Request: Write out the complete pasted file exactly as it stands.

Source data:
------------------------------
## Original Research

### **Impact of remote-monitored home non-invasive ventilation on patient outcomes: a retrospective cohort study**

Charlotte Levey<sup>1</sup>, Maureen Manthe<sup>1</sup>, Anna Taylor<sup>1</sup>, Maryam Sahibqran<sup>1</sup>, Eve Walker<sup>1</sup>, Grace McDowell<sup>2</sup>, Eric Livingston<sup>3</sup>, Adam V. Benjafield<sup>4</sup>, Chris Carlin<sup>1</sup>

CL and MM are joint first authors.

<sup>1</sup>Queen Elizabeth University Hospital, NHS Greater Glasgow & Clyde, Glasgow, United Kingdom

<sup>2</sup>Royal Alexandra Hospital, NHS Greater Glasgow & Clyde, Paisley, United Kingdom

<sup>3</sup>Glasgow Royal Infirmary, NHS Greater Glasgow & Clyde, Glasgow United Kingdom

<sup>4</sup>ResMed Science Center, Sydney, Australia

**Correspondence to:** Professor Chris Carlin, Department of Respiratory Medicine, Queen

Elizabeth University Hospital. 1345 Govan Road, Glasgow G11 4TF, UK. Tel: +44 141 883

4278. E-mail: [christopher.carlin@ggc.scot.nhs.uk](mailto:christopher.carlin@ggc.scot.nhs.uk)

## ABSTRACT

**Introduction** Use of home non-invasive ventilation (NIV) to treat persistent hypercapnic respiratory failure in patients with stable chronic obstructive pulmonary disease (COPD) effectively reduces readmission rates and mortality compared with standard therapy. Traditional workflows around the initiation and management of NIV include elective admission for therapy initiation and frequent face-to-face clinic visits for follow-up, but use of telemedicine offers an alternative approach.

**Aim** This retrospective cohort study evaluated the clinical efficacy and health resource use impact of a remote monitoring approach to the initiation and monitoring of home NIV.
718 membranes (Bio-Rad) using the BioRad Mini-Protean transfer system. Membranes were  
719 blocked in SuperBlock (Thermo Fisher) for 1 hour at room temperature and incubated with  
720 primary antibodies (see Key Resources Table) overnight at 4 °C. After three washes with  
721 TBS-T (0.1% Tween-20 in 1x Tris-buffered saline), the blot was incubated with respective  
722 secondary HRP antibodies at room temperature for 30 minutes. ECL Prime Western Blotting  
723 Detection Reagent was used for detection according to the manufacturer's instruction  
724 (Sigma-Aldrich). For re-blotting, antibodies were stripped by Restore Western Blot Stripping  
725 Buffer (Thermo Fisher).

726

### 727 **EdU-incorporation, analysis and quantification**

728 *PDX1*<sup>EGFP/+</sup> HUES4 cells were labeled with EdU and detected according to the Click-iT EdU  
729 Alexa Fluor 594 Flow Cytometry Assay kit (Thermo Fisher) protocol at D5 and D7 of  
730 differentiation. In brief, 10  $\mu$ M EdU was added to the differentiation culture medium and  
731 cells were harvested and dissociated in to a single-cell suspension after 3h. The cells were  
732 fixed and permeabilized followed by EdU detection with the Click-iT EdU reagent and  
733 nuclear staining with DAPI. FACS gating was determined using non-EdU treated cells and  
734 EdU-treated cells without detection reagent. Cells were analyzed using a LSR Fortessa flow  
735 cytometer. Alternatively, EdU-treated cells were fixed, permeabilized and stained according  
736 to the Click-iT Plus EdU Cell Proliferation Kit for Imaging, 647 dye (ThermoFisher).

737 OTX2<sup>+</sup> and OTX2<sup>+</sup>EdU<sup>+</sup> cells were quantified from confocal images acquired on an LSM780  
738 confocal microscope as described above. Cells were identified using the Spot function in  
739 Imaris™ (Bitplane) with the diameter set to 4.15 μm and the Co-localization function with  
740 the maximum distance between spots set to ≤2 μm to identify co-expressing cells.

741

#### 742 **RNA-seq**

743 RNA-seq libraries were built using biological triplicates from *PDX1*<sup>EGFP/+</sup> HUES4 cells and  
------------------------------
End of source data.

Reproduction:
## Original Research

### **Impact of remote-monitored home non-invasive ventilation on patient outcomes: a retrospective cohort study**

Charlotte Levey<sup>1</sup>, Maureen Manthe<sup>1</sup>, Anna Taylor<sup>1</sup>, Maryam Sahibqran<sup>1</sup>, Eve Walker<sup>1</sup>, Grace McDowell<sup>2</sup>, Eric Livingston<sup>3</sup>, Adam V. Benjafield<sup>4</sup>, Chris Carlin<sup>1</sup>

CL and MM are joint first authors.

<sup>1</sup>Queen Elizabeth University Hospital, NHS Greater Glasgow & Clyde, Glasgow, United Kingdom

<sup>2</sup>Royal Alexandra Hospital, NHS Greater Glasgow & Clyde, Paisley, United Kingdom

<sup>3</sup>Glasgow Royal Infirmary, NHS Greater Glasgow & Clyde, Glasgow United Kingdom

<sup>4</sup>ResMed Science Center, Sydney, Australia

**Correspondence to:** Professor Chris Carlin, Department of Respiratory Medicine, Queen

Elizabeth University Hospital. 1345 Govan Road, Glasgow G11 4TF, UK. Tel: +44 141 883

4278. E-mail: [christopher.carlin@ggc.scot.nhs.uk](mailto:christopher.carlin@ggc.scot.nhs.uk)

## ABSTRACT

**Introduction** Use of home non-invasive ventilation (NIV) to treat persistent hypercapnic respiratory failure in patients with stable chronic obstructive pulmonary disease (COPD) effectively reduces readmission rates and mortality compared with standard therapy. Traditional workflows around the initiation and management of NIV include elective admission for therapy initiation and frequent face-to-face clinic visits for follow-up, but use of telemedicine offers an alternative approach.

**Aim** This retrospective cohort study evaluated the clinical efficacy and health resource use impact of a remote monitoring approach to the initiation and monitoring of home NIV.
718 membranes (Bio-Rad) using the BioRad Mini-Protean transfer system. Membranes were  
719 blocked in SuperBlock (Thermo Fisher) for 1 hour at room temperature and incubated with  
720 primary antibodies (see Key Resources Table) overnight at 4 °C. After three washes with  
721 TBS-T (0.1% Tween-20 in 1x Tris-buffered saline), the blot was incubated with respective  
722 secondary HRP antibodies at room temperature for 30 minutes. ECL Prime Western Blotting  
723 Detection Reagent was used for detection according to the manufacturer's instruction  
724 (Sigma-Aldrich). For re-blotting, antibodies were stripped by Restore Western Blot Stripping  
725 Buffer (Thermo Fisher).

726

### 727 **EdU-incorporation, analysis and quantification**

728 *PDX1*<sup>EGFP/+</sup> HUES4 cells were labeled with EdU and detected according to the Click-iT EdU  
729 Alexa Fluor 594 Flow Cytometry Assay kit (Thermo Fisher) protocol at D5 and D7 of  
730 differentiation. In brief, 10  $\mu$ M EdU was added to the differentiation culture medium and  
731 cells were harvested and dissociated in to a single-cell suspension after 3h. The cells were  
732 fixed and permeabilized followed by EdU detection with the Click-iT EdU reagent and  
733 nuclear staining with DAPI. FACS gating was determined using non-EdU treated cells and  
734 EdU-treated cells without detection reagent. Cells were analyzed using a LSR Fortessa flow  
735 cytometer. Alternatively, EdU-treated cells were fixed, permeabilized and stained according  
736 to the Click-iT Plus EdU Cell Proliferation Kit for Imaging, 647 dye (ThermoFisher).

737 OTX2<sup>+</sup> and OTX2<sup>+</sup>EdU<sup>+</sup> cells were quantified from confocal images acquired on an LSM780  
738 confocal microscope as described above. Cells were identified using the Spot function in  
739 Imaris™ (Bitplane) with the diameter set to 4.15 μm and the Co-localization function with  
740 the maximum distance between spots set to ≤2 μm to identify co-expressing cells.

741

#### 742 **RNA-seq**

743 RNA-seq libraries were built using biological triplicates from *PDX1*<sup>EGFP/+</sup> HUES4 cells and  